Have you ever been watching your favorite Netflix show when your internet suddenly cuts out? Instead of discovering who won the baking show, you have to watch a never-ending spinning circle. And so you just wait. Maybe it’s your modem, could be your router, possibly it’s the internet provider, or possibly it’ll just fix itself. It’s not a very good feeling.
Technology can be enormously aggravating when it doesn’t work correctly. Your hearing aids certainly fall into this category. Most of the time, your hearing aids will provide you with the means to stay connected to loved ones, have discussions with co-workers, and keep up with your neighbors.
But your symptoms of hearing loss can suddenly become very frustrating when your hearing aids quit working. The technology you’re depending on has failed you. Why would your hearing aids just quit working? So how do you cope with that? Well, there are three prevalent ways that hearing aids can malfunction, here’s how you can begin to identify and troubleshoot those problems.
Three common issues with hearing aids (and some possible solutions)
Even though hearing aids are complex technology, individuals might experience three common issues with them. Let’s take a look at possible causes of these problems and potential fixes.
Feedback and whistling
Maybe you suddenly begin to hear an awful high-pitched whistling while you’re attempting to have a chat with a friend or relative. Or perhaps you notice some feedback. And so you think, “Why am I hearing whistling in my hearing aids? This is strange”.
Here are three potential problems that could be causing this feedback and whistling:
- For those who wear behind-the-ear hearing aids, the tubing that attaches your earmold with your hearing aid may have become compromised. Take a close look to identify whether the tube may have separated or may be damaged somehow.
- Earwax buildup in your ear canal can undermine the way your hearing aid functions. This is a fairly common one. Whistling and feedback are often one result of this kind of earwax accumulation. You can attempt to clean some of the earwax out (never use a cotton swab) and if that fails, you can get some assistance from us.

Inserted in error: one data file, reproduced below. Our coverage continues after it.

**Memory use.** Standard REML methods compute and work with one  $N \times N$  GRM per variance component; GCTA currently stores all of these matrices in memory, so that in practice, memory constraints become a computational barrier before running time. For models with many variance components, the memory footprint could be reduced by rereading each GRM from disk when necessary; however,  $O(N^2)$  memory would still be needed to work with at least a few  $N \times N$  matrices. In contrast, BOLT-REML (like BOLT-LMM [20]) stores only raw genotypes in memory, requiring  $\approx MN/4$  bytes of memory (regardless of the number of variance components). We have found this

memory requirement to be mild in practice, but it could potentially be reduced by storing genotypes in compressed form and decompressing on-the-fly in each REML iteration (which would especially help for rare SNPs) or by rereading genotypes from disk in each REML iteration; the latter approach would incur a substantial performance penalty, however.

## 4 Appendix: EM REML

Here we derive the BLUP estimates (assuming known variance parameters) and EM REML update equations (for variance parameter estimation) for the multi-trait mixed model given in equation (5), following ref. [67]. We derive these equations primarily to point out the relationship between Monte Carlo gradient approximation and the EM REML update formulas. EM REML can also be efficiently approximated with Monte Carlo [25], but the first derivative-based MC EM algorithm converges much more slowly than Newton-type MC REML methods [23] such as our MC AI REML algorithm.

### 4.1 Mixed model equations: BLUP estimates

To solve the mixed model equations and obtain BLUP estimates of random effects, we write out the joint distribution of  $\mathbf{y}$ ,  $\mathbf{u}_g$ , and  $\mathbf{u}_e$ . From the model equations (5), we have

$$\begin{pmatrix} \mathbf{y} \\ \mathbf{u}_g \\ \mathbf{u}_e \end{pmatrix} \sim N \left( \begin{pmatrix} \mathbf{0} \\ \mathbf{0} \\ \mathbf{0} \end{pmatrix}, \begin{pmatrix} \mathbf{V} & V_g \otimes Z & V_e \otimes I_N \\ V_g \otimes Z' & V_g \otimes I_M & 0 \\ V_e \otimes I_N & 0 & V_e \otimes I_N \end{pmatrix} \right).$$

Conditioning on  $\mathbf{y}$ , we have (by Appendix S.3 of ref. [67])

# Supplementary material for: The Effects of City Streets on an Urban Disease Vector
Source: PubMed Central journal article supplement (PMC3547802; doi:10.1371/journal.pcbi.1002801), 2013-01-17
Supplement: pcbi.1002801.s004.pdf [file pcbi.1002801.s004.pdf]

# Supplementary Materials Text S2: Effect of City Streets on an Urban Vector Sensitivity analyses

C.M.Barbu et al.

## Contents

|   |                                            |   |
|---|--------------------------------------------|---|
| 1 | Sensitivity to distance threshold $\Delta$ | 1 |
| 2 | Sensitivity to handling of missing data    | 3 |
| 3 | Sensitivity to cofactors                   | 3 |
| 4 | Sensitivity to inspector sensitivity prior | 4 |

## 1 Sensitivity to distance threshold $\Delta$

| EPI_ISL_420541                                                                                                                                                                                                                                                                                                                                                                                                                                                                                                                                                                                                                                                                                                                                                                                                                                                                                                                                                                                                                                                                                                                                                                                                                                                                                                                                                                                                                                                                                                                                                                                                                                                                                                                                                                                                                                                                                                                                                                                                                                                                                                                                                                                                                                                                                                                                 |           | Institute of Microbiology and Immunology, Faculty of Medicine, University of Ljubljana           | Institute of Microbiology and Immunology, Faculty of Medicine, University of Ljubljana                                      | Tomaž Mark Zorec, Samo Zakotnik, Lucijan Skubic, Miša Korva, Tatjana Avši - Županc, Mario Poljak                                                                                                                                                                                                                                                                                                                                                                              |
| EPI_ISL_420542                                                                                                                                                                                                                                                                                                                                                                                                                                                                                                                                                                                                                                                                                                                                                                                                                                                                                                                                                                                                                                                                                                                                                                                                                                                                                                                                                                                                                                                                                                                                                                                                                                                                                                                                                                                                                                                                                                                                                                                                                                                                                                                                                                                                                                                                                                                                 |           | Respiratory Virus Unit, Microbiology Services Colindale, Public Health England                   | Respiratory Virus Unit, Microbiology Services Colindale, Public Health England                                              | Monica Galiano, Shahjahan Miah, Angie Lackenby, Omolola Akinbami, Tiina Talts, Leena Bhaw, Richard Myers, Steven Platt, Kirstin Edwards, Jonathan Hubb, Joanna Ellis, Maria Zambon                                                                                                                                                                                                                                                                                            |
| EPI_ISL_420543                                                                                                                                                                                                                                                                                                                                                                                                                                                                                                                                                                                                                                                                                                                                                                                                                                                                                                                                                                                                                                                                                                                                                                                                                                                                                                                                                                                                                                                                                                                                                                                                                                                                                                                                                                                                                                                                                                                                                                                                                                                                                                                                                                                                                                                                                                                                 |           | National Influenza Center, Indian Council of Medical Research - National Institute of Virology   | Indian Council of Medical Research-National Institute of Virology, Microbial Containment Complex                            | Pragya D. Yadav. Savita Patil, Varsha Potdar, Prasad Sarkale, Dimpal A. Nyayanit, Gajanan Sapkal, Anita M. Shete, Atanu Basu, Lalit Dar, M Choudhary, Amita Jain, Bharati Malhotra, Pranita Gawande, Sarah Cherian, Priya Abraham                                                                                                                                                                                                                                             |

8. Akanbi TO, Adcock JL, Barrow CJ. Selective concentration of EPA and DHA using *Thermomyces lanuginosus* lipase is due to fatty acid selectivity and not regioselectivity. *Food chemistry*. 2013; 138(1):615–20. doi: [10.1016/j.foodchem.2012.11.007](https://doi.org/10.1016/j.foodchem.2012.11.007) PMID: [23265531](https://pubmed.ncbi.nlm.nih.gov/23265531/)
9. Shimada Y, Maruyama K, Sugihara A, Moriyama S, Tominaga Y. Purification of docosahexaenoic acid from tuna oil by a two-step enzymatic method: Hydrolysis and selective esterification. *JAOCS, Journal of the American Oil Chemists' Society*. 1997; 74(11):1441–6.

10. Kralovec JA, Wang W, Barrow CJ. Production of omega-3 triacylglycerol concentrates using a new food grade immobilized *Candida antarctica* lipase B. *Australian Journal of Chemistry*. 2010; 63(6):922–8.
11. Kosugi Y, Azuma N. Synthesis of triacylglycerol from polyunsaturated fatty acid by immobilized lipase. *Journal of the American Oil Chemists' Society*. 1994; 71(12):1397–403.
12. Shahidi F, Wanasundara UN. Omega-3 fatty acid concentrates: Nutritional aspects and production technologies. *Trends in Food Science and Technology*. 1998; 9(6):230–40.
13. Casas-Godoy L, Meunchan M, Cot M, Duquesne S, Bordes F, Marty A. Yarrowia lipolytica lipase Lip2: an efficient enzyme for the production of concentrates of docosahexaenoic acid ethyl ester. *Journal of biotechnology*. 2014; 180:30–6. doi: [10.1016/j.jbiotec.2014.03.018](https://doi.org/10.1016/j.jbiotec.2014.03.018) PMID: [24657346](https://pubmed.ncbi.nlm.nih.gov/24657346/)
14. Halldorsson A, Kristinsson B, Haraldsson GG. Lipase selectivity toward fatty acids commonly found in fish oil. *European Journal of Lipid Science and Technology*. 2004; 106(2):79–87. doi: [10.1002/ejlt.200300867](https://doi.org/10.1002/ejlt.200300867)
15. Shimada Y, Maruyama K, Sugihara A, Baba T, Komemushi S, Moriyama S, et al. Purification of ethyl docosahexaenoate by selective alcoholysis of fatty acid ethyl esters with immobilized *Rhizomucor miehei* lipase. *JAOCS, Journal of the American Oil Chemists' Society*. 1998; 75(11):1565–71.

- You may not have your hearing aids seated properly in your ears. Try taking them out and putting them back in. You can also try turning the volume down (if this works, you may find some short-term relief, but it also likely means that the fit isn’t quite right and you should talk to us about it).
If these issues aren’t easily resolvable, it’s worth speaking with us about adjusting the fit or sending your device in for maintenance (depending on what we determine the root cause of that whistling or feedback might be).
No sound coming from your hearing aids
The main goal of hearing aids is to generate sound. That’s what they’re made to do! So if you find yourself thinking, “I don’t hear any sound coming from my hearing aid,” well, then something is definitely not right. So what could cause hearing aids to lose all sound? Well, there are a couple of things:
- Your settings: Cycle through the custom settings if your device has them. Your hearing aids may think you’re in a huge space when you’re actually in a little room because the setting is wrong. The sound you’re hearing might be off as a result.
- Power: Everybody forgets to turn their hearing aids on once in a while. Be sure that’s not the problem. Then you can eliminate that as possible problems.
- Batteries: Make sure your batteries are completely charged. And even rechargeable batteries should be switched out from time to time.
- Earwax buildup: Here we go again with the earwax! Have a close look to see if you discover any earwax on the microphone or speakers. You want to be sure the device is good and clean.
If these steps don’t correct your problems, we might have the solution. We’ll be able to help you find out the next steps, and whether maintenance, repair, or replacement is required.
When you have your hearing aids in, your ears hurt
Maybe your hearing aids are fine functionally but they hurt when they’re in your ears. And you’re likely thinking: why do my ears hurt when I wear my hearing aids? You’re not as likely to wear your hearing aids every day if they hurt your ears. So, why do they ache?
- Time: Sometimes, it just takes a little while to get accustomed to your hearing aids. How long will depend on the person. When you first get your hearing aids, we can help you get a reasonable concept of the adjustment period you can anticipate. Also, speak with us about any discomfort you may be experiencing.
- Fit: The most obvious problem can be the fit. Naturally, when the fit is nice and tight, your hearing aids will work best. So when your hearing aids aren’t fitting quite right, there can be some pain. Many hearing aids can be customized to your particular ears. The better the fit, the fewer issues you’ll have with discomfort over the long haul. We will be able to help you achieve the best possible fit from your devices.
Avoid issues with a little test drive
One of the best ways to prevent possible problems with hearing aids is to take them out for a bit of a test drive before you commit. In most cases we’ll let you test out a set of devices before you determine that’s the pair for you.
Choosing the right hearing aids, adjusting them to fit your needs, and helping with any ongoing issues you might have, are all things we will assist with. We will be your resource for any assistance you need.
And that’s most likely more dependable than your internet company.